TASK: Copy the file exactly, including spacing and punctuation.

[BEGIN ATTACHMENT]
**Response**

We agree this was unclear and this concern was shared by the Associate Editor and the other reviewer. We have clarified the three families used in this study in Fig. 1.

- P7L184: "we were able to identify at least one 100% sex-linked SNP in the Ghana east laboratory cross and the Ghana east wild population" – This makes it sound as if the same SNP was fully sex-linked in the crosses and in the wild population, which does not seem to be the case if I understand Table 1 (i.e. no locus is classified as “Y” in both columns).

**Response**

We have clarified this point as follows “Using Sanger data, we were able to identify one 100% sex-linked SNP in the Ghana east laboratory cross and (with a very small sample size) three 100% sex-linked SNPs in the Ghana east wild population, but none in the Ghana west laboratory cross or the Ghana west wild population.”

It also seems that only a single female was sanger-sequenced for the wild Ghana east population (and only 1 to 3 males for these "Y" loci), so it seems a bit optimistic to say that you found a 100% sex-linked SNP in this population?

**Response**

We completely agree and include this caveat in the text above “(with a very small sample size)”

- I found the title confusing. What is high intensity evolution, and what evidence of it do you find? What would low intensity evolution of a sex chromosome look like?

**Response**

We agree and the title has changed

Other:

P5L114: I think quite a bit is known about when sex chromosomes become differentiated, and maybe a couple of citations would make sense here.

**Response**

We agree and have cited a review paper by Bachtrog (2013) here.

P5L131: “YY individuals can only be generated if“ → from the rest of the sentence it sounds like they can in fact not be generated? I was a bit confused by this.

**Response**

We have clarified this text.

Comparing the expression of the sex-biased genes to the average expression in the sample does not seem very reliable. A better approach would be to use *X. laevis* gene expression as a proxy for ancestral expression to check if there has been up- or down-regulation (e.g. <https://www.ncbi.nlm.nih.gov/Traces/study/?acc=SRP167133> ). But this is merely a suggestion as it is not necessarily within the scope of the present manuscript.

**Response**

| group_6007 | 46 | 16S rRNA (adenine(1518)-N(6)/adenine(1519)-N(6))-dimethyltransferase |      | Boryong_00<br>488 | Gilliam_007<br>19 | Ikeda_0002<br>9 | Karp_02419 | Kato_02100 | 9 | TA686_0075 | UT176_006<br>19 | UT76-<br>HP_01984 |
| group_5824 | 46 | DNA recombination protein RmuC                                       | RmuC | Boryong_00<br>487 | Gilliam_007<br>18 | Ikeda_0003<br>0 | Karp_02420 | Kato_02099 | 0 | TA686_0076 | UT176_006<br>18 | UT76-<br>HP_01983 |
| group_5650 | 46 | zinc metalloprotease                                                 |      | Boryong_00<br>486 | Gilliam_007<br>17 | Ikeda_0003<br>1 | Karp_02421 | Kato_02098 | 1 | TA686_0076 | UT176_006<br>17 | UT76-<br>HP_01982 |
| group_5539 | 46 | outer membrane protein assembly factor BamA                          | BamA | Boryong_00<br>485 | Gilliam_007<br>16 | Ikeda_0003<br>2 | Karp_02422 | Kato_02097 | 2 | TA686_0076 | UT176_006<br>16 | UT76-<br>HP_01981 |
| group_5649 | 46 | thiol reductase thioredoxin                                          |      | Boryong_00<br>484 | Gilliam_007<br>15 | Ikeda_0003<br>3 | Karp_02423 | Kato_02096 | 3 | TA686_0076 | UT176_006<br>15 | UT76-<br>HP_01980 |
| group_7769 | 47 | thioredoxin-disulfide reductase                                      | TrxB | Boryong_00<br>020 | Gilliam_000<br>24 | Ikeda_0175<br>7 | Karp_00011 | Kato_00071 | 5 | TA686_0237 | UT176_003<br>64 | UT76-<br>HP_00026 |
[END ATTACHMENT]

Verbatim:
**Response**

We agree this was unclear and this concern was shared by the Associate Editor and the other reviewer. We have clarified the three families used in this study in Fig. 1.

- P7L184: "we were able to identify at least one 100% sex-linked SNP in the Ghana east laboratory cross and the Ghana east wild population" – This makes it sound as if the same SNP was fully sex-linked in the crosses and in the wild population, which does not seem to be the case if I understand Table 1 (i.e. no locus is classified as “Y” in both columns).

**Response**

We have clarified this point as follows “Using Sanger data, we were able to identify one 100% sex-linked SNP in the Ghana east laboratory cross and (with a very small sample size) three 100% sex-linked SNPs in the Ghana east wild population, but none in the Ghana west laboratory cross or the Ghana west wild population.”

It also seems that only a single female was sanger-sequenced for the wild Ghana east population (and only 1 to 3 males for these "Y" loci), so it seems a bit optimistic to say that you found a 100% sex-linked SNP in this population?

**Response**

We completely agree and include this caveat in the text above “(with a very small sample size)”

- I found the title confusing. What is high intensity evolution, and what evidence of it do you find? What would low intensity evolution of a sex chromosome look like?

**Response**

We agree and the title has changed

Other:

P5L114: I think quite a bit is known about when sex chromosomes become differentiated, and maybe a couple of citations would make sense here.

**Response**

We agree and have cited a review paper by Bachtrog (2013) here.

P5L131: “YY individuals can only be generated if“ → from the rest of the sentence it sounds like they can in fact not be generated? I was a bit confused by this.

**Response**

We have clarified this text.

Comparing the expression of the sex-biased genes to the average expression in the sample does not seem very reliable. A better approach would be to use *X. laevis* gene expression as a proxy for ancestral expression to check if there has been up- or down-regulation (e.g. <https://www.ncbi.nlm.nih.gov/Traces/study/?acc=SRP167133> ). But this is merely a suggestion as it is not necessarily within the scope of the present manuscript.

**Response**

| group_6007 | 46 | 16S rRNA (adenine(1518)-N(6)/adenine(1519)-N(6))-dimethyltransferase |      | Boryong_00<br>488 | Gilliam_007<br>19 | Ikeda_0002<br>9 | Karp_02419 | Kato_02100 | 9 | TA686_0075 | UT176_006<br>19 | UT76-<br>HP_01984 |
| group_5824 | 46 | DNA recombination protein RmuC                                       | RmuC | Boryong_00<br>487 | Gilliam_007<br>18 | Ikeda_0003<br>0 | Karp_02420 | Kato_02099 | 0 | TA686_0076 | UT176_006<br>18 | UT76-<br>HP_01983 |
| group_5650 | 46 | zinc metalloprotease                                                 |      | Boryong_00<br>486 | Gilliam_007<br>17 | Ikeda_0003<br>1 | Karp_02421 | Kato_02098 | 1 | TA686_0076 | UT176_006<br>17 | UT76-<br>HP_01982 |
| group_5539 | 46 | outer membrane protein assembly factor BamA                          | BamA | Boryong_00<br>485 | Gilliam_007<br>16 | Ikeda_0003<br>2 | Karp_02422 | Kato_02097 | 2 | TA686_0076 | UT176_006<br>16 | UT76-<br>HP_01981 |
| group_5649 | 46 | thiol reductase thioredoxin                                          |      | Boryong_00<br>484 | Gilliam_007<br>15 | Ikeda_0003<br>3 | Karp_02423 | Kato_02096 | 3 | TA686_0076 | UT176_006<br>15 | UT76-<br>HP_01980 |
| group_7769 | 47 | thioredoxin-disulfide reductase                                      | TrxB | Boryong_00<br>020 | Gilliam_000<br>24 | Ikeda_0175<br>7 | Karp_00011 | Kato_00071 | 5 | TA686_0237 | UT176_003<br>64 | UT76-<br>HP_00026 |